To that end, many will start with the Comptia Network+ certification program. There’s nothing wrong with starting here, no matter what any training company tells you. This is a vendor neutral training program that covers the basics better than the CCENT and CCNA does. This class goes into more detail of the basics because the goal is not to get you on a Cisco command line.
Don’t get me wrong: The CCENT and CCNA is a good program, but it’s a vendor specific program. If you use Cisco equipment it will be very beneficial to get the CCENT and CCNA certifications if you’re just starting out.
So where should you begin then? Thats a tough question there! There isn’t an end-all, be-all entry level program that I’ve seen to date. There are many programs that bridge the gap, but they will often end up with a lot of overlap and wasted time. One option would be to do the following:
- Join my free 13-week Introduction To Data Networking Email Course There’s no strings attached with this free course. I just want to level the field a bit for anyone who’s new.
- Take the Comptia Network+ Course. We offer it but I don’t have it on the schedule right now. It will however be available after the 13-week email course.
- If you are working on Cisco training, next you should take the ICND1 course, which corresponds to the CCENT exam. This will have overlap with the Comptia Network+, but it introduces a more Cisco-centric learning approach.
- Next take the ICND2 class, which corresponds to the CCNA exam. This class is very hands on and it’s all Cisco gear.
I think that this approach will create a well prepared networking candidate. At this point, you should start to understand the technologies being discussed at Network Field Days, maybe not fully, but words and phrases should begin to make sense.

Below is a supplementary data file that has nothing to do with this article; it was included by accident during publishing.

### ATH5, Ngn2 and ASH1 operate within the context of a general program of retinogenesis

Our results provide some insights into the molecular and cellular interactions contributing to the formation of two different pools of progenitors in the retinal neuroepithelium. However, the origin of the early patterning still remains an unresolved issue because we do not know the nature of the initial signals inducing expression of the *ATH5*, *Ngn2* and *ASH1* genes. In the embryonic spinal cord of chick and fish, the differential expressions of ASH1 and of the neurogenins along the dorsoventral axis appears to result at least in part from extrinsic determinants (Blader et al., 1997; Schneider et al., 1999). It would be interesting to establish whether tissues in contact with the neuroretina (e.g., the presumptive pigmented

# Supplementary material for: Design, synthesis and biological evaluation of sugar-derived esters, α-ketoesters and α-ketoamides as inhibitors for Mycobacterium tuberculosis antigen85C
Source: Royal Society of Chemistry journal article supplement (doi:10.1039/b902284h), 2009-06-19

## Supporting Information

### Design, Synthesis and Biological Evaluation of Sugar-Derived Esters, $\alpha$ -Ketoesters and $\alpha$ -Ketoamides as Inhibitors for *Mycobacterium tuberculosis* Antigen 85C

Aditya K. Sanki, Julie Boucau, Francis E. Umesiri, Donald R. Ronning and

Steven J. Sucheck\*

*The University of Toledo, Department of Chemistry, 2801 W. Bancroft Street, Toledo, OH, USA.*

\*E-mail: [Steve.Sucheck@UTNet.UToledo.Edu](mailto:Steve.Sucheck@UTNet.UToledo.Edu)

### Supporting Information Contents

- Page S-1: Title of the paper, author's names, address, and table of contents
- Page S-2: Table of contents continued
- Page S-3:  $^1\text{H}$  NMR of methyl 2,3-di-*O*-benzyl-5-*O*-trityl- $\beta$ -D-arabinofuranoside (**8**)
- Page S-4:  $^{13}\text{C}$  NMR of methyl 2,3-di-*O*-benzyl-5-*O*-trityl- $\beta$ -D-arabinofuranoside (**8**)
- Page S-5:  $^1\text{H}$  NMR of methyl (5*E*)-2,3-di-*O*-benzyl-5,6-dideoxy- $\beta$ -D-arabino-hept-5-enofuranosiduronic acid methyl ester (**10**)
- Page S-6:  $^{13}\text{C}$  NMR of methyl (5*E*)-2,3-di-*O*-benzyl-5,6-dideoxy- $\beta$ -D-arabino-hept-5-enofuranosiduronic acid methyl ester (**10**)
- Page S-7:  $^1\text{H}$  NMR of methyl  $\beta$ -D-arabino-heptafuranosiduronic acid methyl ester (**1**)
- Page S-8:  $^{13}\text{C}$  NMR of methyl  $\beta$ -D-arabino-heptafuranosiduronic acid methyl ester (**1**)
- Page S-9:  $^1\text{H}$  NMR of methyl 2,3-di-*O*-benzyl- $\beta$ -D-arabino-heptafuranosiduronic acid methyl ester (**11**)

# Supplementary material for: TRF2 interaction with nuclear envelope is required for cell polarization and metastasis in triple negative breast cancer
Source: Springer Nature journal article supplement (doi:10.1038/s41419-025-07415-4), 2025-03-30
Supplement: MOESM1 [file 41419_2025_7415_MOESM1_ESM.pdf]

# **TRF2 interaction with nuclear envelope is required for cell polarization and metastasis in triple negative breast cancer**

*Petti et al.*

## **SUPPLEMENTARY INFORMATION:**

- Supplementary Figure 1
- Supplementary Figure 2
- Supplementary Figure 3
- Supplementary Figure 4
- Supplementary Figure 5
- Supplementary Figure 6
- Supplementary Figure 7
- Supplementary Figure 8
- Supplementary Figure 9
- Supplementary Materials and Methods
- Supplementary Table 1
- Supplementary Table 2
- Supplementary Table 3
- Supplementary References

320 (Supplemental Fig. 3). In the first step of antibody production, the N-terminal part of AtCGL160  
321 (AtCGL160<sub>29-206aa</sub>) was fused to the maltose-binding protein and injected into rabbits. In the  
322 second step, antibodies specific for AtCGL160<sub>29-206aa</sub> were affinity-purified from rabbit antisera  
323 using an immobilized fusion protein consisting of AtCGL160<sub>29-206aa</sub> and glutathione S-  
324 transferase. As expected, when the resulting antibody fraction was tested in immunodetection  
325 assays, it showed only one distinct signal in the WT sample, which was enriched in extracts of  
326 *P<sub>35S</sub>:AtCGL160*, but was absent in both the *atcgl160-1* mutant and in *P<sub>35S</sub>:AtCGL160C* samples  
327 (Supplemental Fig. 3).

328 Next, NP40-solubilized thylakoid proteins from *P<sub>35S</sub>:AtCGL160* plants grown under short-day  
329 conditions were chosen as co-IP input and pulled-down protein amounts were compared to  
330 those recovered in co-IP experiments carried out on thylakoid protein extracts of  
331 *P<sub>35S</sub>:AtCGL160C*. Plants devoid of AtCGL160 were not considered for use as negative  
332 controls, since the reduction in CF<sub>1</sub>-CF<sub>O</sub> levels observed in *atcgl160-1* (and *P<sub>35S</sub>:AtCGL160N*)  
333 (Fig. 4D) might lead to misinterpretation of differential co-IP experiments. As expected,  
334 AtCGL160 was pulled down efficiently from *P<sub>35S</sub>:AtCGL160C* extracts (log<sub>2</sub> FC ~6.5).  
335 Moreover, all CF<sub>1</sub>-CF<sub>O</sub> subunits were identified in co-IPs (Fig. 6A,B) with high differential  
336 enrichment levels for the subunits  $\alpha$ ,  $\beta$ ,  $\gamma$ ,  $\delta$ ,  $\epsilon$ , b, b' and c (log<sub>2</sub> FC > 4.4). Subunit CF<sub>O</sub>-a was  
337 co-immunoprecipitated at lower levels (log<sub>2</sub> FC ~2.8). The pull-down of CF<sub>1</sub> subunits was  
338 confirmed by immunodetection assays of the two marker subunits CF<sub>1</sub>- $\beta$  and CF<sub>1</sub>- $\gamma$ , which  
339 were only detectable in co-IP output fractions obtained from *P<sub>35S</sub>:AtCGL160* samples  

Add in Multiple Modes of Learning
There are many ways to learn. Here are a few ideas:
- Take a live training class
- Read a Cisco Press book
- Watch Youtube Videos
- Subscribe to video training with Pluralsight, CBT Nuggets, or the INE all-access pass.
- Chat with other networking folks on twitter.
- Grab GNS3, subscribe to their forums and start learning different technologies by labbing them up.
The point is that you don’t want to constrain yourself to just one way of learning. Spread things out, not only between delivery methods, but between delivery organizations. Some companies have a better way of explaining certain technologies.
Ask Me for Help
Honestly, if you need help getting started, I encourage you to ask me via the form at the bottom of this page, or reach out to me on Twitter or Facebook. I do get busy, but it never bothers me if you ask more than once. I will always do my best to get back to you in a timely manner. I’m imperfect and forgetful, so please bear with me on that. But again, don’t hesitate to reach out.
Data Networking as a career is one thing. Yes it can benefit you monetarily and provide some sense of security. Data Networking as a passion is another. Once you hit that curve of going from learning to loving, the job becomes a whole lot easier and much more enjoyable, but you will get there. But just one point of advice that I believe will carry anyone in the data networking industry is this:
The most valuable thing you focus on in data networking is yourself. Keep learning, keep reading, keep studying and keep asking questions.
You won’t and don’t have to know all the answers. That’s ok. Just keep at it. You’ll get there.